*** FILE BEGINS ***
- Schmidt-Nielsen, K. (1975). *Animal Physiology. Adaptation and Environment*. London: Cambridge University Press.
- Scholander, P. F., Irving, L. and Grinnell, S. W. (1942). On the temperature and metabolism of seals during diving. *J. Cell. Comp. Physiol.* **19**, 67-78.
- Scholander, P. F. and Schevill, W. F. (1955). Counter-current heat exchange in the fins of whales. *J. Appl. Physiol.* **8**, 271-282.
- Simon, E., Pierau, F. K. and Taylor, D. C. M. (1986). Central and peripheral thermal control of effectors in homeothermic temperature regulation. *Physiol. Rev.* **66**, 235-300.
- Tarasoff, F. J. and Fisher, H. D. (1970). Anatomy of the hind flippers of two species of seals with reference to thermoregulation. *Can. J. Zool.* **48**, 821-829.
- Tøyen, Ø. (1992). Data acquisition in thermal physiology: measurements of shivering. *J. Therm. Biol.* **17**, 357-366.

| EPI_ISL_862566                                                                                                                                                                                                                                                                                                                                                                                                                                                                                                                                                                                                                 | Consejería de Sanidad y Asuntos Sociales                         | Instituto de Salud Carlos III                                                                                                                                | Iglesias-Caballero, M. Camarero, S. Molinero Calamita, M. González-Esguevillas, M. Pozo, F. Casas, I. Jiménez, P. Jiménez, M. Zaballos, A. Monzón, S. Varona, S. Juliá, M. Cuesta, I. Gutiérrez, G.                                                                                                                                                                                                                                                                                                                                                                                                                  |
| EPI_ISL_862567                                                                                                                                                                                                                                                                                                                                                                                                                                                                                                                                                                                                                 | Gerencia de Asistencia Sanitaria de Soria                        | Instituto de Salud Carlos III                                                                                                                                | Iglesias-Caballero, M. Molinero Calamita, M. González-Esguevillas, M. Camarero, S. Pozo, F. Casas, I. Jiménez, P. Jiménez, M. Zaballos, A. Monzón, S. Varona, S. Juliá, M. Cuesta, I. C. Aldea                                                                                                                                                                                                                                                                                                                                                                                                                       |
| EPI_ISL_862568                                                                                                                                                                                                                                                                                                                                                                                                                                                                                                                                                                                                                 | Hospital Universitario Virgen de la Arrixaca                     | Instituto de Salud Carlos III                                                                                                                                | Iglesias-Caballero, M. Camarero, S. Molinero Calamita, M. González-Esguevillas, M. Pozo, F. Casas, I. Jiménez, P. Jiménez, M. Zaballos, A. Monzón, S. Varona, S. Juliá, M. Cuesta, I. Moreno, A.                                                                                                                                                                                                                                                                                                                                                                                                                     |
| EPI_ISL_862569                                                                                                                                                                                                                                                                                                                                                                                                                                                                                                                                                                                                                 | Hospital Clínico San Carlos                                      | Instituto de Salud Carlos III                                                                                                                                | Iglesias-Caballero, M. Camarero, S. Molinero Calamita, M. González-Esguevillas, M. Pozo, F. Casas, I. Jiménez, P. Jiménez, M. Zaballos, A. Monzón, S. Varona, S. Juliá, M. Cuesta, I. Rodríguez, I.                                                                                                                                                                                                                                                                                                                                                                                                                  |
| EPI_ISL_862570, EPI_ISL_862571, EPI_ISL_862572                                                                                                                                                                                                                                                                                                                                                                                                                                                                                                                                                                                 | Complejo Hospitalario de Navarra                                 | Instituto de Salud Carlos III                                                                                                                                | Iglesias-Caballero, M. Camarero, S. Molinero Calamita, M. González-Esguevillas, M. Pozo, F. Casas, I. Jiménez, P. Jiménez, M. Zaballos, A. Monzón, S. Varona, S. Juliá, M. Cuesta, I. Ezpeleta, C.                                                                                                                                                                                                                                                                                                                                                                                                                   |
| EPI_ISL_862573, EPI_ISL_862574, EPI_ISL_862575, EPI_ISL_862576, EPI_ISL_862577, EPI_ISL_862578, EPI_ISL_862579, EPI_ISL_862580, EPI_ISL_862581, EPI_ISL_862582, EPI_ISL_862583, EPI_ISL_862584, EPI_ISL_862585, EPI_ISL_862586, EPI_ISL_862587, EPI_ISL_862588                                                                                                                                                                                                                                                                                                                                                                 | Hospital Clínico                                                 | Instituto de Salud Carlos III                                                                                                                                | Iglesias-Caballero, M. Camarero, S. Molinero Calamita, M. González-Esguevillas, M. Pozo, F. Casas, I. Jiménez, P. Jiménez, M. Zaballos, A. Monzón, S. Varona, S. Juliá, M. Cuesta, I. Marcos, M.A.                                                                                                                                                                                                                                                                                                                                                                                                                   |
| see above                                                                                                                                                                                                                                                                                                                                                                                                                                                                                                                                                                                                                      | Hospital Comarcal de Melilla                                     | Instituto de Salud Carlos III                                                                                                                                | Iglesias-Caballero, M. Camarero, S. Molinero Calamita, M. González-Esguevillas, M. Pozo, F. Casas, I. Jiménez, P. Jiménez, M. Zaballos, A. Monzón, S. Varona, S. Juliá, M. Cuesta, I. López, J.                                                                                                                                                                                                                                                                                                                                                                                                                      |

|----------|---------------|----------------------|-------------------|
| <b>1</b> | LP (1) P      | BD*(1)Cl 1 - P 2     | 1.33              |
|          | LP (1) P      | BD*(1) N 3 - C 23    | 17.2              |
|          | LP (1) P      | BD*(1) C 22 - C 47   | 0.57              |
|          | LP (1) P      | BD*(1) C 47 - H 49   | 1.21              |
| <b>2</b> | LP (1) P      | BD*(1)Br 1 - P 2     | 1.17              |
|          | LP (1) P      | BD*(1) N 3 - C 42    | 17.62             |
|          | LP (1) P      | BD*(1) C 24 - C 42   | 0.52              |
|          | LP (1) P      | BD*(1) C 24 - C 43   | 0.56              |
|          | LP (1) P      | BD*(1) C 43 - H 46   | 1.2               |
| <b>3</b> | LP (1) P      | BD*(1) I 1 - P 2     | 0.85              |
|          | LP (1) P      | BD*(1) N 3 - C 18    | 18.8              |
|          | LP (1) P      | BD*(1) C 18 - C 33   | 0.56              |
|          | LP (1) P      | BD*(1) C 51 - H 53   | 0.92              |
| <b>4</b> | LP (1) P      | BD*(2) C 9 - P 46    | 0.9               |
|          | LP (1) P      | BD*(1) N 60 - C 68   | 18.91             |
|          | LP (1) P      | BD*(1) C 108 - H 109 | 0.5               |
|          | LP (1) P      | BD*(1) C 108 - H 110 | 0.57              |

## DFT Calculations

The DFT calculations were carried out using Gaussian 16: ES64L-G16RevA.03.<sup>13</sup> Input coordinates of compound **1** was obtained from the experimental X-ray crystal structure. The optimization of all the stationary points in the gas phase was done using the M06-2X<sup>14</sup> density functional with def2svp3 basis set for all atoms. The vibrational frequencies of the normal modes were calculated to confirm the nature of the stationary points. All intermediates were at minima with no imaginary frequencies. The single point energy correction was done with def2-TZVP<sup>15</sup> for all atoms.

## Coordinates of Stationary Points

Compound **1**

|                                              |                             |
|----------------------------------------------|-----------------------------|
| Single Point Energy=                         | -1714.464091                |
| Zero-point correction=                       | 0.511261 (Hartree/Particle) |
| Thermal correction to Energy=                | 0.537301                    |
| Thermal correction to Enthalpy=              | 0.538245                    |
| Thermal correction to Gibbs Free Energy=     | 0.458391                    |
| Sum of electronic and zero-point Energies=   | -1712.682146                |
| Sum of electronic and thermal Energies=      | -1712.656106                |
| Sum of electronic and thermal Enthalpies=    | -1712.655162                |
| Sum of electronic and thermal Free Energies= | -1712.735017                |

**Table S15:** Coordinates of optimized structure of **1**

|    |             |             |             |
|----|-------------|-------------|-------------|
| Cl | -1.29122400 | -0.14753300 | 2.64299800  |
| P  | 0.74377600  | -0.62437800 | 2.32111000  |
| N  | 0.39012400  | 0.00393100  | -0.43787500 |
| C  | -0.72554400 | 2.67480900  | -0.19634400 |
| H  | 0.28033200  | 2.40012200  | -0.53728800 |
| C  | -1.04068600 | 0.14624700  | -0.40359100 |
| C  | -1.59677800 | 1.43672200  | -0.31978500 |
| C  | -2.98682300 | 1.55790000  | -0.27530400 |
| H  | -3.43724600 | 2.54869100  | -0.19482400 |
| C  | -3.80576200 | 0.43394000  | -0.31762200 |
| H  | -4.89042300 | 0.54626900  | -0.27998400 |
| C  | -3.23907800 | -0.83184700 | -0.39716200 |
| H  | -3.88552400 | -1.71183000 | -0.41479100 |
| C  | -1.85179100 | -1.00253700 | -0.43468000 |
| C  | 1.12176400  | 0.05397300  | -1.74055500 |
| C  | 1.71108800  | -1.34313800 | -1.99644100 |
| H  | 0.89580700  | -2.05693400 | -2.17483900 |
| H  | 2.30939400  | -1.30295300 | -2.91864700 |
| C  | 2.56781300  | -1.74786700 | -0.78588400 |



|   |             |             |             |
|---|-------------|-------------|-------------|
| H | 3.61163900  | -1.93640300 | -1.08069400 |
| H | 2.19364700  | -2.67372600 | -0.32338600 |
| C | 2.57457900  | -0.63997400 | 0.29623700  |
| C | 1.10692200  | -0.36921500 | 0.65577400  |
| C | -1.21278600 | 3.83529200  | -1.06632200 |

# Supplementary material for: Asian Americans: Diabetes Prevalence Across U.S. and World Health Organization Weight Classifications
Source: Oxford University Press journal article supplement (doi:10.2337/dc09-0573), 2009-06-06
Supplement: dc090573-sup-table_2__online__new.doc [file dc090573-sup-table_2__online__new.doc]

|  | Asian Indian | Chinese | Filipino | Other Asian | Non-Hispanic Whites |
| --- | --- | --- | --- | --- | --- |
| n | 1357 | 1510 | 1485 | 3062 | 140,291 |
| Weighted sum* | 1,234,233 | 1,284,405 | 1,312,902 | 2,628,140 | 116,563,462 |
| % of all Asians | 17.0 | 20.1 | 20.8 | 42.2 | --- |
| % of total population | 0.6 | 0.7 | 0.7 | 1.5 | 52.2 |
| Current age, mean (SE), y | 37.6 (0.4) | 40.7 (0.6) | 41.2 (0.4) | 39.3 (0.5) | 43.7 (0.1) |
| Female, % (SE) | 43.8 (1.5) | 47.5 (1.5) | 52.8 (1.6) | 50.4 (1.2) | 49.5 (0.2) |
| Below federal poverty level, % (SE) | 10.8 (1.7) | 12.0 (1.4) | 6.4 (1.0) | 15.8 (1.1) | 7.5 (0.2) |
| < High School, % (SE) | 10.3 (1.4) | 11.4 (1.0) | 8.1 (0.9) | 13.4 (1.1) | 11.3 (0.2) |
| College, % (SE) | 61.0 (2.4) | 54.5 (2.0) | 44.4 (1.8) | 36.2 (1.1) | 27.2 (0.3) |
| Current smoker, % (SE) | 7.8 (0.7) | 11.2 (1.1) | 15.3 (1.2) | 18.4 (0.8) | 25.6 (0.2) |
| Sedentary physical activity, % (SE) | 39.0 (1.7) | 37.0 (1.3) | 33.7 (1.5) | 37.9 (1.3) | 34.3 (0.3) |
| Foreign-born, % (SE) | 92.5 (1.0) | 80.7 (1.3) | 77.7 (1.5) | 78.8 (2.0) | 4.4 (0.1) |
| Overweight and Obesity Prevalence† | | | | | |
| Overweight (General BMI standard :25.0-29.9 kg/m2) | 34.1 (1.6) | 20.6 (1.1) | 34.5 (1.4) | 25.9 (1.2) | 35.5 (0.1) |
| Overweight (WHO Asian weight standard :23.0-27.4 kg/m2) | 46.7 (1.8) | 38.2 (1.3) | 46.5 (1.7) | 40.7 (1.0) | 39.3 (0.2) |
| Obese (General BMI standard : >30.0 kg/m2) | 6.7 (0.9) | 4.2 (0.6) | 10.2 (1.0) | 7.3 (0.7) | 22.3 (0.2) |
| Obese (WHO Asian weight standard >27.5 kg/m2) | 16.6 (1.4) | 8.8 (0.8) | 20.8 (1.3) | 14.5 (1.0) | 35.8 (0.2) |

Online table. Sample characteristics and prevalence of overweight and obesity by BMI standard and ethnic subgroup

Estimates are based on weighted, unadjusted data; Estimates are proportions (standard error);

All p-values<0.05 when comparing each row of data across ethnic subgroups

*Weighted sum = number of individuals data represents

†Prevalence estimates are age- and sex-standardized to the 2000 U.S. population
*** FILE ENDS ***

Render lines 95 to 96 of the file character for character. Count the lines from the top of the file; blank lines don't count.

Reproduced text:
| Overweight (WHO Asian weight standard :23.0-27.4 kg/m2) | 46.7 (1.8) | 38.2 (1.3) | 46.5 (1.7) | 40.7 (1.0) | 39.3 (0.2) |
| Obese (General BMI standard : >30.0 kg/m2) | 6.7 (0.9) | 4.2 (0.6) | 10.2 (1.0) | 7.3 (0.7) | 22.3 (0.2) |